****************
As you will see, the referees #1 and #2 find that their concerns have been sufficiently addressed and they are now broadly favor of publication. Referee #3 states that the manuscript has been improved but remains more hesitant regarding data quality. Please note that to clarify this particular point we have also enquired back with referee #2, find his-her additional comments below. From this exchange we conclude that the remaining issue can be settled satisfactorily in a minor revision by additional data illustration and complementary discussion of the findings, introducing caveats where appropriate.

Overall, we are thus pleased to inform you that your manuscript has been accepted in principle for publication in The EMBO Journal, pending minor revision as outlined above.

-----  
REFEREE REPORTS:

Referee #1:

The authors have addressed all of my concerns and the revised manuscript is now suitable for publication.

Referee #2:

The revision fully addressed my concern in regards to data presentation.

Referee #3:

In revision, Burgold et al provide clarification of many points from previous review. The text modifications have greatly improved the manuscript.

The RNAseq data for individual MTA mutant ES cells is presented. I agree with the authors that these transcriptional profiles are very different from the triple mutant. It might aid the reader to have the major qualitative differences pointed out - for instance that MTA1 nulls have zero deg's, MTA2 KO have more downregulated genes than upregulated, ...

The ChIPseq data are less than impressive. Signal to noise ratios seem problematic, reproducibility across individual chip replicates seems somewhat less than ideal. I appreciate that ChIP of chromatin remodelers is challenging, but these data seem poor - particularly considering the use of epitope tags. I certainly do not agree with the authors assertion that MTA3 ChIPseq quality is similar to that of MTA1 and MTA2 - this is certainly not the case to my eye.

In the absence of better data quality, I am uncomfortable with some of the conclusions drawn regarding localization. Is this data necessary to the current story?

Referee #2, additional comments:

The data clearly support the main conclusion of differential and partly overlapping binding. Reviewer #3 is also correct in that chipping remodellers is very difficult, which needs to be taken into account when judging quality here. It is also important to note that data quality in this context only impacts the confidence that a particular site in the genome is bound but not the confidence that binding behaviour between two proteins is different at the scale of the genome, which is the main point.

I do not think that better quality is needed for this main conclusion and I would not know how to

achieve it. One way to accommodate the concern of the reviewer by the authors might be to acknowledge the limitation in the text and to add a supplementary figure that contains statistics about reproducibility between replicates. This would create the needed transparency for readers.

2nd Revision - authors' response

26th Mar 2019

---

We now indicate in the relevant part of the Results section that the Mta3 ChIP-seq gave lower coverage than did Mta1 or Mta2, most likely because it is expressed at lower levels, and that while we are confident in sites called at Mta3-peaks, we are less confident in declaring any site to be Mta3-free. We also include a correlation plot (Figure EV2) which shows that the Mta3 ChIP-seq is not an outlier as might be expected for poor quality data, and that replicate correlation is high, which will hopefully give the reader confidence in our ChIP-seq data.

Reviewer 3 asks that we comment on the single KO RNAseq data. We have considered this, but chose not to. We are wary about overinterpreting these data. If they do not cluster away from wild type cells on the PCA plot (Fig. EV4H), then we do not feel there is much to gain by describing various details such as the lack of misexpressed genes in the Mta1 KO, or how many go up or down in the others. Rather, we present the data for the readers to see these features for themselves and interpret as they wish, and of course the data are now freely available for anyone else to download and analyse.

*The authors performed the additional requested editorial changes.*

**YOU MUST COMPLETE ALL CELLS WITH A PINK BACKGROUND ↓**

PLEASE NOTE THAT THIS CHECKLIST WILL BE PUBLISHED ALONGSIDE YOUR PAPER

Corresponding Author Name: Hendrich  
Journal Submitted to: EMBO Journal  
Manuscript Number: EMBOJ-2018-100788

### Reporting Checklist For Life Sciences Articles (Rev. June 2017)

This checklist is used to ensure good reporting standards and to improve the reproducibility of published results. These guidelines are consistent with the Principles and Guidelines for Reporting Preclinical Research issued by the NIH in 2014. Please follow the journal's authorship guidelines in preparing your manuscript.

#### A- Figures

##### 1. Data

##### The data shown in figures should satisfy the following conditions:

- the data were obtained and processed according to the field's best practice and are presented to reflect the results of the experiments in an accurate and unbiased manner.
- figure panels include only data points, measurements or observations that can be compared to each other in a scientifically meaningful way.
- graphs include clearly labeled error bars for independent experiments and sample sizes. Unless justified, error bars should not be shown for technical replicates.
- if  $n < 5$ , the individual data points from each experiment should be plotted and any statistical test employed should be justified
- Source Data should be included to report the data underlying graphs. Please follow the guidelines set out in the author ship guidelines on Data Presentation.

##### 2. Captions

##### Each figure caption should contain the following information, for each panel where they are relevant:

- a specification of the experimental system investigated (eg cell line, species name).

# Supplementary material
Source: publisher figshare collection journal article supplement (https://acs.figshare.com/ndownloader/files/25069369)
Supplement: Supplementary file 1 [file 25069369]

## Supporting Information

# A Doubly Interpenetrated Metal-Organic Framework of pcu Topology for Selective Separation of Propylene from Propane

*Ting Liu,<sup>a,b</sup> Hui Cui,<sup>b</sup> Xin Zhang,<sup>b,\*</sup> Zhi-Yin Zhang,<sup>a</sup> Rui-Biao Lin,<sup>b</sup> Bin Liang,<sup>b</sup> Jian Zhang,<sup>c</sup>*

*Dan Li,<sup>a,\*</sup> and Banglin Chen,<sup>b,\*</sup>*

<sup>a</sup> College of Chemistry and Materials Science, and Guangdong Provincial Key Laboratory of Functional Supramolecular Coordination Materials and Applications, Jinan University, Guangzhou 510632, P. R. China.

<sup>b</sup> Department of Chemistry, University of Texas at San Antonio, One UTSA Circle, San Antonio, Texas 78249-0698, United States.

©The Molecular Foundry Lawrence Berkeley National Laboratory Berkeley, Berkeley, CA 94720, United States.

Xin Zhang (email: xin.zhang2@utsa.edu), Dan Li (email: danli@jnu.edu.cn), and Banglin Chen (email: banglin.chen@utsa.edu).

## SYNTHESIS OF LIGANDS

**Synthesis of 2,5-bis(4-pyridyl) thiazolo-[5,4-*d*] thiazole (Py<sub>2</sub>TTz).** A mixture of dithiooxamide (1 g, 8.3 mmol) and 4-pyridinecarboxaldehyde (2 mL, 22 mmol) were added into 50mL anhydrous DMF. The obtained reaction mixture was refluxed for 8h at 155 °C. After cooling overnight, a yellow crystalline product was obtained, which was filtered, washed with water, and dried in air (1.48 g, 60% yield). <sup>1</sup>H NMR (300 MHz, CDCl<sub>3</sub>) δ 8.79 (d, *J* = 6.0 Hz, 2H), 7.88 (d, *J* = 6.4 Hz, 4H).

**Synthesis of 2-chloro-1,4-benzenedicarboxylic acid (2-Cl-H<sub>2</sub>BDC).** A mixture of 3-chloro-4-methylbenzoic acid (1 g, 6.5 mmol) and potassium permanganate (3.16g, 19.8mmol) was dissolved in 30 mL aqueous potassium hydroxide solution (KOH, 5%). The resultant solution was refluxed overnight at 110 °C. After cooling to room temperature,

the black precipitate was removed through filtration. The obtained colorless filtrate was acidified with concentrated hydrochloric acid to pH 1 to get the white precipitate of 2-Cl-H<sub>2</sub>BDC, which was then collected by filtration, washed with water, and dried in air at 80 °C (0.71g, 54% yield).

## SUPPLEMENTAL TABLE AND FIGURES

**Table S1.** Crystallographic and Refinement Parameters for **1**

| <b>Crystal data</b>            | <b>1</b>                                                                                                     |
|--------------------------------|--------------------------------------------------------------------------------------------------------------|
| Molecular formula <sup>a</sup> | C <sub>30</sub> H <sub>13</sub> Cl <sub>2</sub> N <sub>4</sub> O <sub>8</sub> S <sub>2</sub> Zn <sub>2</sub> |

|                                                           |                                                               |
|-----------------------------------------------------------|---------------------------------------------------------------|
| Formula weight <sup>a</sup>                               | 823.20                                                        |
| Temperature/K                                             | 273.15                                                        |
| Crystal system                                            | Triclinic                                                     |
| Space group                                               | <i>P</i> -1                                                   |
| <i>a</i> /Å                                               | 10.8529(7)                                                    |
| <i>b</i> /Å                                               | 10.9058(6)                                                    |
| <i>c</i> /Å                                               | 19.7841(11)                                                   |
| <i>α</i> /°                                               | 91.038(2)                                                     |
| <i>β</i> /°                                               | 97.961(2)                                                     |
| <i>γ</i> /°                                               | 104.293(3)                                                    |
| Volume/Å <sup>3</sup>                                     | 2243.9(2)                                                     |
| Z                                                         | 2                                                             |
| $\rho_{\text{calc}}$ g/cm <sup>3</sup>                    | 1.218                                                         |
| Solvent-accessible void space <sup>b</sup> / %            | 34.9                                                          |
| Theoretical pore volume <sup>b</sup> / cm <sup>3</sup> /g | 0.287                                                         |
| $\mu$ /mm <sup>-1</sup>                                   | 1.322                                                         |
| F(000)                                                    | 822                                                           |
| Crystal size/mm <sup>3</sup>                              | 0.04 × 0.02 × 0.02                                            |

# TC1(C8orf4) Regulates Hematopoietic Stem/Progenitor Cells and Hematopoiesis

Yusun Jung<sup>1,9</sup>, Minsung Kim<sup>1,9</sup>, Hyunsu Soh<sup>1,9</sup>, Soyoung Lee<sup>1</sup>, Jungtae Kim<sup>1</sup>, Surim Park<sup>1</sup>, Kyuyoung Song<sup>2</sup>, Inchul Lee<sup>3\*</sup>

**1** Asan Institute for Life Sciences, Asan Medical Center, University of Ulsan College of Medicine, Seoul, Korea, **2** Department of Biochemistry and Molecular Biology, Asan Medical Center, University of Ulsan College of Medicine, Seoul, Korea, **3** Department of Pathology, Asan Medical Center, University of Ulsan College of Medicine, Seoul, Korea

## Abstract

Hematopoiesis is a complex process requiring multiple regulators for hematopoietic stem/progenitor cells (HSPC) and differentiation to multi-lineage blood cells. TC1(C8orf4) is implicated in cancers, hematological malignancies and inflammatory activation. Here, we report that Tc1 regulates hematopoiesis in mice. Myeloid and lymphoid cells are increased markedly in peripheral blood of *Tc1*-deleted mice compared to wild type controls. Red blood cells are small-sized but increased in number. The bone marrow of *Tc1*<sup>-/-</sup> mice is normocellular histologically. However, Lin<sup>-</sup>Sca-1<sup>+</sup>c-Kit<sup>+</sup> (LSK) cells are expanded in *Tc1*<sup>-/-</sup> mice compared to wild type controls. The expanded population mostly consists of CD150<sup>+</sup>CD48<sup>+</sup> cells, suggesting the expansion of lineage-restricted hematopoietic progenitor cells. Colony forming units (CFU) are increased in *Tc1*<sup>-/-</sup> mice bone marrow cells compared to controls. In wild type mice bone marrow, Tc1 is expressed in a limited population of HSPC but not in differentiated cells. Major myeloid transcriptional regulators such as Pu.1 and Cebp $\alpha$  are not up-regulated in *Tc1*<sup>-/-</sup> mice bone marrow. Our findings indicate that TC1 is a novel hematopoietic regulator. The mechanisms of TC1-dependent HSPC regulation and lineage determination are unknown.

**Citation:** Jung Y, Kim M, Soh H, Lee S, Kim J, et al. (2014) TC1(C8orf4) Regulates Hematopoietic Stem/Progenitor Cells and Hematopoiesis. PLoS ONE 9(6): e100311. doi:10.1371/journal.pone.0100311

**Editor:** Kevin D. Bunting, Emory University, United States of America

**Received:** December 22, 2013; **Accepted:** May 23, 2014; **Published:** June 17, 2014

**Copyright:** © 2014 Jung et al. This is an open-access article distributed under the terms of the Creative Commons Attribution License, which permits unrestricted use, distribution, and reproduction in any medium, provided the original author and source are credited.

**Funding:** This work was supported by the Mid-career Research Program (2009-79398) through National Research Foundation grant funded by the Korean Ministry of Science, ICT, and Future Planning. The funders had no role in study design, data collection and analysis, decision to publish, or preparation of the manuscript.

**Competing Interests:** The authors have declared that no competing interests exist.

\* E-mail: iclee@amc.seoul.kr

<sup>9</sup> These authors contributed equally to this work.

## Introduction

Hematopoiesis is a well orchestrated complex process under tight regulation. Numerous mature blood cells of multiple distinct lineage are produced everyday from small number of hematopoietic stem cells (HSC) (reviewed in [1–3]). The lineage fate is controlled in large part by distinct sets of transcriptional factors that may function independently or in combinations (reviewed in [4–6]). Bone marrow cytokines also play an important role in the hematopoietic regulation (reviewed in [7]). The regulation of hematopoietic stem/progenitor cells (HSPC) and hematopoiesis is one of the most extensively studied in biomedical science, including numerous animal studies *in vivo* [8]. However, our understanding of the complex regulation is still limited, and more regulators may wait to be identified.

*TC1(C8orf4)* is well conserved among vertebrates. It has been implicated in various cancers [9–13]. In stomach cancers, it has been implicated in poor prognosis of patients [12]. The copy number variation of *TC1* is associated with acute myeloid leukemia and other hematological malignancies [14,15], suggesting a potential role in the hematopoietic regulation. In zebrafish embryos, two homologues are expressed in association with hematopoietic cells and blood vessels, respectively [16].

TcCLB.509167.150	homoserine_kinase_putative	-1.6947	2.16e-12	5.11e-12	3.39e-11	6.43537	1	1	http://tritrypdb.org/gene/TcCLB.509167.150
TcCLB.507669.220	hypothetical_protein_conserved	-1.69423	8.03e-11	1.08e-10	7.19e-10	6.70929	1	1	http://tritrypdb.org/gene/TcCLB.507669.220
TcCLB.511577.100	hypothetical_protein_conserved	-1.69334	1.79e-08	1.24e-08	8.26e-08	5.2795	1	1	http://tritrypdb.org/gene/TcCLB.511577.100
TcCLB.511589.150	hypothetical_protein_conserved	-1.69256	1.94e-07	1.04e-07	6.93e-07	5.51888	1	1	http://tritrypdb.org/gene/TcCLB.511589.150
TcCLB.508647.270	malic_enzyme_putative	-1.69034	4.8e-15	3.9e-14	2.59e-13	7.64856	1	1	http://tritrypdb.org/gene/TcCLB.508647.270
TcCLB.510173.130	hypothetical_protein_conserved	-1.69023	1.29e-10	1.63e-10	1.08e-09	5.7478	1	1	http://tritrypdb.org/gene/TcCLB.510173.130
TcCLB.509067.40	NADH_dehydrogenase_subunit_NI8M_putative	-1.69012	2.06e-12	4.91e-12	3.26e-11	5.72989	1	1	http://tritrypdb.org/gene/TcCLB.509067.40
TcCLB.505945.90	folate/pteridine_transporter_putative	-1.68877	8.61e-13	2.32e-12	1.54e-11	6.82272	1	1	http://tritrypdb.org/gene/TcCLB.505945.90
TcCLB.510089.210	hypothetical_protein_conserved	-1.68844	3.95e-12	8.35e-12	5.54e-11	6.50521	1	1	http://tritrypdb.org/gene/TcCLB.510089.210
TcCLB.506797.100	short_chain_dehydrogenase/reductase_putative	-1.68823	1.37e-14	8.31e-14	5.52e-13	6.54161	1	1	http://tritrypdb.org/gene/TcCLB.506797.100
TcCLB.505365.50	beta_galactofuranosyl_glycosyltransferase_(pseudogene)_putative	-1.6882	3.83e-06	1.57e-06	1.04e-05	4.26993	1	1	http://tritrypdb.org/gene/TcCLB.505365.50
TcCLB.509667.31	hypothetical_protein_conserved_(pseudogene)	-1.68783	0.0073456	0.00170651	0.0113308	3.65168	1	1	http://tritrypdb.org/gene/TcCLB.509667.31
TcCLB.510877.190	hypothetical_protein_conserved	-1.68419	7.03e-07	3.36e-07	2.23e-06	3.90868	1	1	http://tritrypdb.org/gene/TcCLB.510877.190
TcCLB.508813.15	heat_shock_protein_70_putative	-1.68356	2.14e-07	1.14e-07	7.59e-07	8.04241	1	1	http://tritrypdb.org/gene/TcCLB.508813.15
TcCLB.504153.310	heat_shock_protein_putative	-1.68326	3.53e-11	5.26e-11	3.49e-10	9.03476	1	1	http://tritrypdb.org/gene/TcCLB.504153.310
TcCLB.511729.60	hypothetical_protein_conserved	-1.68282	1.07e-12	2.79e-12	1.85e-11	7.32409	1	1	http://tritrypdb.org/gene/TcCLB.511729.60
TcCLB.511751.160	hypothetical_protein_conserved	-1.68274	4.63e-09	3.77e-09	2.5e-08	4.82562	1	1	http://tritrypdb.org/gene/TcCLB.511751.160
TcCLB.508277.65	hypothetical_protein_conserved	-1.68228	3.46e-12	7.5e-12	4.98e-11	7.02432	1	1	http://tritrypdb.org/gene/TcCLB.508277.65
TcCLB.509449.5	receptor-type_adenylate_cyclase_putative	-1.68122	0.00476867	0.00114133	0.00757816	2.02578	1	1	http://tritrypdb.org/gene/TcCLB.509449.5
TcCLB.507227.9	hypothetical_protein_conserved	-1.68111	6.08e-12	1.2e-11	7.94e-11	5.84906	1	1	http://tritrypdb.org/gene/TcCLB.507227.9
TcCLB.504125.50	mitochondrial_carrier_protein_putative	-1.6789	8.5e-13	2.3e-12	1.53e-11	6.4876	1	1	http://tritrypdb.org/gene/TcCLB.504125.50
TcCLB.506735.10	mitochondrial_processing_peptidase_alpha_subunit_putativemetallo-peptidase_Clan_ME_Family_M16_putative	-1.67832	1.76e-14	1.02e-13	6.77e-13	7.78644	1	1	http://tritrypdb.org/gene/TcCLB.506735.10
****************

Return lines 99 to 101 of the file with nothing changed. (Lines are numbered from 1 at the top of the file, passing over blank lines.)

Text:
TcCLB.507669.220	hypothetical_protein_conserved	-1.69423	8.03e-11	1.08e-10	7.19e-10	6.70929	1	1	http://tritrypdb.org/gene/TcCLB.507669.220
TcCLB.511577.100	hypothetical_protein_conserved	-1.69334	1.79e-08	1.24e-08	8.26e-08	5.2795	1	1	http://tritrypdb.org/gene/TcCLB.511577.100
TcCLB.511589.150	hypothetical_protein_conserved	-1.69256	1.94e-07	1.04e-07	6.93e-07	5.51888	1	1	http://tritrypdb.org/gene/TcCLB.511589.150